In order to work out the cob webs of not having raced for 5 months, I started the weekend at the dP Safety School track day on Friday. Sears is a technical track and I have always required a bit more practice there compared to other tracks to get comfortable. The extra time was a great help, but I still wasn't quite as comfortable as I wanted to be by the end of practice on Saturday. I wasn't finding the confidence on the bike I expected. Also, my pit buddy and obligatory track rabbit, Steve Demopolous, who rides an SV650, was still pulling much better lap times than me. I knew that I could and should improve a lot (we normally pull similar lap times), but, it would have to wait until the race. My best practice times were in the 1:52's and high 1:51's. Steve's was below 1:50, though.

I wanted to spend time playing with suspension settings. The rebound on the forks didn't quite feel right, but the bike was exactly as I left it at the end of last season, and it worked great at Sears with these settings. So, I decided to leave the suspension alone and work on other goals, deciding that what I felt was me and not the bike.

By the end of practice, the Michelin tire was going away, but still sticky. Our last practice session was a short 3 lap sprint. With tire warmers, I took the track and was doing race pace by Turn 4. I was glad to have the tire warmers. I treated the 3 lap session as a race pace practice and was happy to see my lowest lap times for the weekend when it was over, even with the rear going away. So, I felt ready for the races the next day. I changed the rear at the end of the day, did a general inspection of the bike and relaxed for the rest of the day.

Did I just use the R word? Yes, I relaxed the rest of the day. That was strange. I've been racing two different bikes (the EX250 and an FZR400) for 3 years. But, this year, I'm only racing the 400. With only one bike to worry about, I seemed to have loads of time to waste and (gasp) clean the bike. It was weird. I liked it.

Pre-Race Details

Finally, it was time to go racing. Doing track days is fun, but racing adds something you just can't get from a track day. The point of racing, in my mind, is to push yourself to do things you wouldn't normally do just by yourself. Racing drives me to try harder, to focus an entire weekend's effort into a couple 8 lap events with the goal of exceeding my previous records and goals. In 2002, Jose Quintanar, Gary Jaehne, Phil Douglas, and Bobby Broussard all did their part to push me, and I ended the season several seconds a lap faster than I started. Looking at the competition in 450 Superbike this year, it seemed that the race season would not be disappointing for continuing my path of improvement.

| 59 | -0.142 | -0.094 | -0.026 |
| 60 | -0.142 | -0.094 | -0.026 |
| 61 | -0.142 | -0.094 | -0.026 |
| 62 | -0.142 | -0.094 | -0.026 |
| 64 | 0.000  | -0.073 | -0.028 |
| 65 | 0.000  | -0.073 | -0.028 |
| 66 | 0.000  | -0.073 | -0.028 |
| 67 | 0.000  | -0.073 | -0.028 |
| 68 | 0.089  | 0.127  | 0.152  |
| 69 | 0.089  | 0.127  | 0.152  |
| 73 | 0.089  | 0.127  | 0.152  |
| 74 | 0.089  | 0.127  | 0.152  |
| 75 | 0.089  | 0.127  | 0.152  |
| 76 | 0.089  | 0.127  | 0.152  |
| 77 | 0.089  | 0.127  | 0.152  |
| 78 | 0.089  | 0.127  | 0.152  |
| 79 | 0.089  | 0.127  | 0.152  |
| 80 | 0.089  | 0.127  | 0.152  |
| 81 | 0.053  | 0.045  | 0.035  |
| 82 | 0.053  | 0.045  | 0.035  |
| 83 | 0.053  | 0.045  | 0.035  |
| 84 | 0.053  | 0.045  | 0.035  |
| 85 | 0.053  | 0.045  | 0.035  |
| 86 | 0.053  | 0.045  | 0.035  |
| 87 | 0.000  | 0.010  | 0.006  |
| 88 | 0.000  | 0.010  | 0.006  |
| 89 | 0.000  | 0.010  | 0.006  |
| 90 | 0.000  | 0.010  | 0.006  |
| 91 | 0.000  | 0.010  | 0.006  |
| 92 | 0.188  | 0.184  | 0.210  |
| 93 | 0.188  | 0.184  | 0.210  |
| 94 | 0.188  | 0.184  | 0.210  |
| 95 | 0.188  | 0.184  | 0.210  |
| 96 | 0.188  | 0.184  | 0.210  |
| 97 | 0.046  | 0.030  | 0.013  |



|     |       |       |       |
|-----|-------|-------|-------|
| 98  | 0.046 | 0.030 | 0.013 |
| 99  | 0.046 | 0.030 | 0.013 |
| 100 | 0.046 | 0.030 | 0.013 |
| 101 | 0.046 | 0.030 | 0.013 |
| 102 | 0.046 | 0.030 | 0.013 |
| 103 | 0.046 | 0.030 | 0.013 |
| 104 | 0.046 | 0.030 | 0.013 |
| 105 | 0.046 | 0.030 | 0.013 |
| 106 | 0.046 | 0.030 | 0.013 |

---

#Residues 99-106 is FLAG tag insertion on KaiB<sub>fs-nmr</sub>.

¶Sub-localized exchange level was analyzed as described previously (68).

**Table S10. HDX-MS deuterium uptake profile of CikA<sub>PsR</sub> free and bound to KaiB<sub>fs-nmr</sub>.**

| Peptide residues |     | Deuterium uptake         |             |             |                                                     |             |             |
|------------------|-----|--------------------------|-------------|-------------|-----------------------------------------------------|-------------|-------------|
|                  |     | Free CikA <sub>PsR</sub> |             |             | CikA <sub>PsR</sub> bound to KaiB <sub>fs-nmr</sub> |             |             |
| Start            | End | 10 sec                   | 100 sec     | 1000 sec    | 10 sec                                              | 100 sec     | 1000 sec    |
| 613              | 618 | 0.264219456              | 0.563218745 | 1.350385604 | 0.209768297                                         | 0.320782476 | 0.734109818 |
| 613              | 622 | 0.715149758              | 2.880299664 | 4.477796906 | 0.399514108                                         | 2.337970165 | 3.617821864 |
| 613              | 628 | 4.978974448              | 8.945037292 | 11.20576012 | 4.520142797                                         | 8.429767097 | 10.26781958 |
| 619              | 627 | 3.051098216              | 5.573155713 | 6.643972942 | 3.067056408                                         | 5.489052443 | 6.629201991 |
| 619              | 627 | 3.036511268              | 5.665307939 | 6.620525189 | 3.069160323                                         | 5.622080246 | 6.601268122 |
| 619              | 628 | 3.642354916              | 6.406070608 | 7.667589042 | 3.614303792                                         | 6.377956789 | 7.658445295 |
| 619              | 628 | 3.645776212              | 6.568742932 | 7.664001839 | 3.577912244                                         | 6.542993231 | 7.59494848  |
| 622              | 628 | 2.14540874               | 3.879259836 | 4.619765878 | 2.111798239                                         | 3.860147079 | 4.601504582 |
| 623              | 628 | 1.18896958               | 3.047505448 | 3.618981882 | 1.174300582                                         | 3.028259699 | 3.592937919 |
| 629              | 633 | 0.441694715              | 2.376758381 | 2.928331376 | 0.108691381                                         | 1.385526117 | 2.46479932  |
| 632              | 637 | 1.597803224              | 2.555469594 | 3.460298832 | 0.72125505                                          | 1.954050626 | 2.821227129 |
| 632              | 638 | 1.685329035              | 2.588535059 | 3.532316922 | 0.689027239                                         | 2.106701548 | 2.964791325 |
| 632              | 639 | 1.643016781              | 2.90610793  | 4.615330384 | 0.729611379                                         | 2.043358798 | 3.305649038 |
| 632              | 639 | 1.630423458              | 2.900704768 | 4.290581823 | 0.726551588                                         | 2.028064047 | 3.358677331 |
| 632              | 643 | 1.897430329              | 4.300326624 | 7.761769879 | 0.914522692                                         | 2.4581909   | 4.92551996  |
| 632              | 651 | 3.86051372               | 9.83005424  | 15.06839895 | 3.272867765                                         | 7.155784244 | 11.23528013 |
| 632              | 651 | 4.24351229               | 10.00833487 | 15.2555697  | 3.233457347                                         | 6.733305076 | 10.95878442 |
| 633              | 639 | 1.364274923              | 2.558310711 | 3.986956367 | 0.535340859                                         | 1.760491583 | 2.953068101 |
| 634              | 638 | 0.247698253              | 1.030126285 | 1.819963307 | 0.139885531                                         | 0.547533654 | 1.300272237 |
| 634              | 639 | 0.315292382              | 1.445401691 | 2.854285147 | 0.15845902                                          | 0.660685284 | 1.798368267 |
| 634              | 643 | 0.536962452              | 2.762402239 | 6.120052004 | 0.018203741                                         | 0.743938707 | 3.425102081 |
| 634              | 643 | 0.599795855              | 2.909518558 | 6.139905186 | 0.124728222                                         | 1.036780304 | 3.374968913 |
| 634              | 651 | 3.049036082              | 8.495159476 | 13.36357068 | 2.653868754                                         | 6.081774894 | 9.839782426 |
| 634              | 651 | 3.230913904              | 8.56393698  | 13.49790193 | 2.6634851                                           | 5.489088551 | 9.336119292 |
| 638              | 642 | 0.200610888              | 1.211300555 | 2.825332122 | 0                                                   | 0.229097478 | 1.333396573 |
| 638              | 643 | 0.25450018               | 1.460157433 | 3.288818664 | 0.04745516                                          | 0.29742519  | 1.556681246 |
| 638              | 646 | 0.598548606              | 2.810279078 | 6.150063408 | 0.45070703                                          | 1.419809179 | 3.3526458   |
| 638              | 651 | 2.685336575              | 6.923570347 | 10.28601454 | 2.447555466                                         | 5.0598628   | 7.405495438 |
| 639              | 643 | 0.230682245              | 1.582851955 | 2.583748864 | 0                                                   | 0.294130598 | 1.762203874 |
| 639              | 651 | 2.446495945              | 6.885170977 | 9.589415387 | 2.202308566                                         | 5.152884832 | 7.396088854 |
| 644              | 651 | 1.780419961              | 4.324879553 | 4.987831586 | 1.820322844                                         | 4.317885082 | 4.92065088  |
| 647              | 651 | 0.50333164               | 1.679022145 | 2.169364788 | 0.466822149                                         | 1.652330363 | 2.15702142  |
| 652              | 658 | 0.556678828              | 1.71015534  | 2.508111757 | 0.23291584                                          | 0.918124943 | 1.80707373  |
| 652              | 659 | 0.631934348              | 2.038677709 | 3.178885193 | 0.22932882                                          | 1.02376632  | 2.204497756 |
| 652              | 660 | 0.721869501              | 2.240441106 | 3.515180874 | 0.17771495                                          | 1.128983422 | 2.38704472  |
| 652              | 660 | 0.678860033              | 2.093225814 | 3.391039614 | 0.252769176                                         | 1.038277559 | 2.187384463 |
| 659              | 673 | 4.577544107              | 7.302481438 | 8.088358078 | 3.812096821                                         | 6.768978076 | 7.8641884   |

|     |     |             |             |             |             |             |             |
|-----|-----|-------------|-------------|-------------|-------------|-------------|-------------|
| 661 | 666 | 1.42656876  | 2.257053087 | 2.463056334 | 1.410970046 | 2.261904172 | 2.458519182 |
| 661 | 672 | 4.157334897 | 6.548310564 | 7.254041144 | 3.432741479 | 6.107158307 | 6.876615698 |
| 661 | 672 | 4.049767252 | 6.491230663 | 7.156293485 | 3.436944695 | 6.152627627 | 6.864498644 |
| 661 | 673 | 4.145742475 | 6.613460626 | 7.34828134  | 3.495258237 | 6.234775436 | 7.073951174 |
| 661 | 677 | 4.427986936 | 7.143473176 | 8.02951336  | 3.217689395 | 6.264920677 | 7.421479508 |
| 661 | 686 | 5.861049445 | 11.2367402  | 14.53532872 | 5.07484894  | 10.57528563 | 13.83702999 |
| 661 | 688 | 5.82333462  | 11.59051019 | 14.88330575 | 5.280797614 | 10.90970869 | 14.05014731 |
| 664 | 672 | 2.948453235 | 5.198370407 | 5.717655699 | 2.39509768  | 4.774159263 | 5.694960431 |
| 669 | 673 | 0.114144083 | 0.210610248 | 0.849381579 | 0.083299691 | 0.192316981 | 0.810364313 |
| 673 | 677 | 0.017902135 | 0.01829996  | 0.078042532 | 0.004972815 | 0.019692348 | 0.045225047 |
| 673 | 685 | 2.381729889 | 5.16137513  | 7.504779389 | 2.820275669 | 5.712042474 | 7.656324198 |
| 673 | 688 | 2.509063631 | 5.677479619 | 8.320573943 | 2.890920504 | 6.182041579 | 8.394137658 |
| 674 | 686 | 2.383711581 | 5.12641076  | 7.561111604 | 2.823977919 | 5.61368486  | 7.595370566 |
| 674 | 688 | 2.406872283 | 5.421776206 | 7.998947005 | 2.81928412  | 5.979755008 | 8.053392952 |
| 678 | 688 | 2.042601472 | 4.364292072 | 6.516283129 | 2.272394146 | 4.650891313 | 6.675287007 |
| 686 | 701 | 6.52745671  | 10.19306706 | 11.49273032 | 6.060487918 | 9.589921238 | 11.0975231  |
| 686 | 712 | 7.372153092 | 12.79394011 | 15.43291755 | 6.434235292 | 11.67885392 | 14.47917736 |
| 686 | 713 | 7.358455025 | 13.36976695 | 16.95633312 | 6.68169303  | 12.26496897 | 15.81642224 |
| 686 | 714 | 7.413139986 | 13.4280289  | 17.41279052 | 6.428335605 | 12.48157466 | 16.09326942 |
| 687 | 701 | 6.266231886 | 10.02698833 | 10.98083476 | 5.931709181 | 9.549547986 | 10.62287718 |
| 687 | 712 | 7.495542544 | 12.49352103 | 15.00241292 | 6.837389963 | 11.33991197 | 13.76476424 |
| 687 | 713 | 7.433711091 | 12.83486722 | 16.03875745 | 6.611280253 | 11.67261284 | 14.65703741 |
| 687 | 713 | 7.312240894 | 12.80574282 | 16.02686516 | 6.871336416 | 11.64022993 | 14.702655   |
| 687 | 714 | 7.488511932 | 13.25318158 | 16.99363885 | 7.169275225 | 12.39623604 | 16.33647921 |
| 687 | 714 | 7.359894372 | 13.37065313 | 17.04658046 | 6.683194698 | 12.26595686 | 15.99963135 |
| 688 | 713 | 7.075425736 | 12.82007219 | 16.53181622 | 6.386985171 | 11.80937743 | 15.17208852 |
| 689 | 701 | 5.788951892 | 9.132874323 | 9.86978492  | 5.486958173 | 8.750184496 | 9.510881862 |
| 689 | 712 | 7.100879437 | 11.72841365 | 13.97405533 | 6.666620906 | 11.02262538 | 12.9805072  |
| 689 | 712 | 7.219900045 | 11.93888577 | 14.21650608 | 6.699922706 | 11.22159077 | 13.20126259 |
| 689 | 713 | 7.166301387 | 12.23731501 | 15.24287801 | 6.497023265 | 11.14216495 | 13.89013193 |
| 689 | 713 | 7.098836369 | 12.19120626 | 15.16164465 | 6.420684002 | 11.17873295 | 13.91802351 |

Ross Wells has come out of retirement. He proved himself to be quite adept at turning laps on his built FZR400 before, and I expected nothing less from him this weekend. I sort of saw Ross as the new Gary in the class (not that Ross and Gary are the same - just similar in the challenge they present to me). Gary isn't racing 450SB this year, but in 2002, he was the voice of experience in the class, having won a championship in 450SB previously, and having a decade of racing experience. By the end of the season, Gary had once again proven his ability to do well, even on a stock machine, winning the 2002 season championship. But, I could see that riding on a stock motorcycle was becoming a limiting factor compared to Jose and I. Most the season, I needed my engine to keep up with Gary, but toward the end of the season, I could see the HP difference starting to become a disadvantage for Gary. Racing with Ross would be similar to racing with Gary. Ross has well over a decade of race experience. I knew Ross would only go as fast as he needed and if (when) he ended up in front of me, it would be up to me to push him to find out just how fast he could go. The difference with Ross is that his engine makes some serious HP. With Gary, I still had the engine advantage to keep up, but this year, that advantage is gone. In fact, since I was still racing on the 72 HP engine from 2002, I became the one on the disadvantaged machine as I have heard Ross's machine makes well over 80 HP.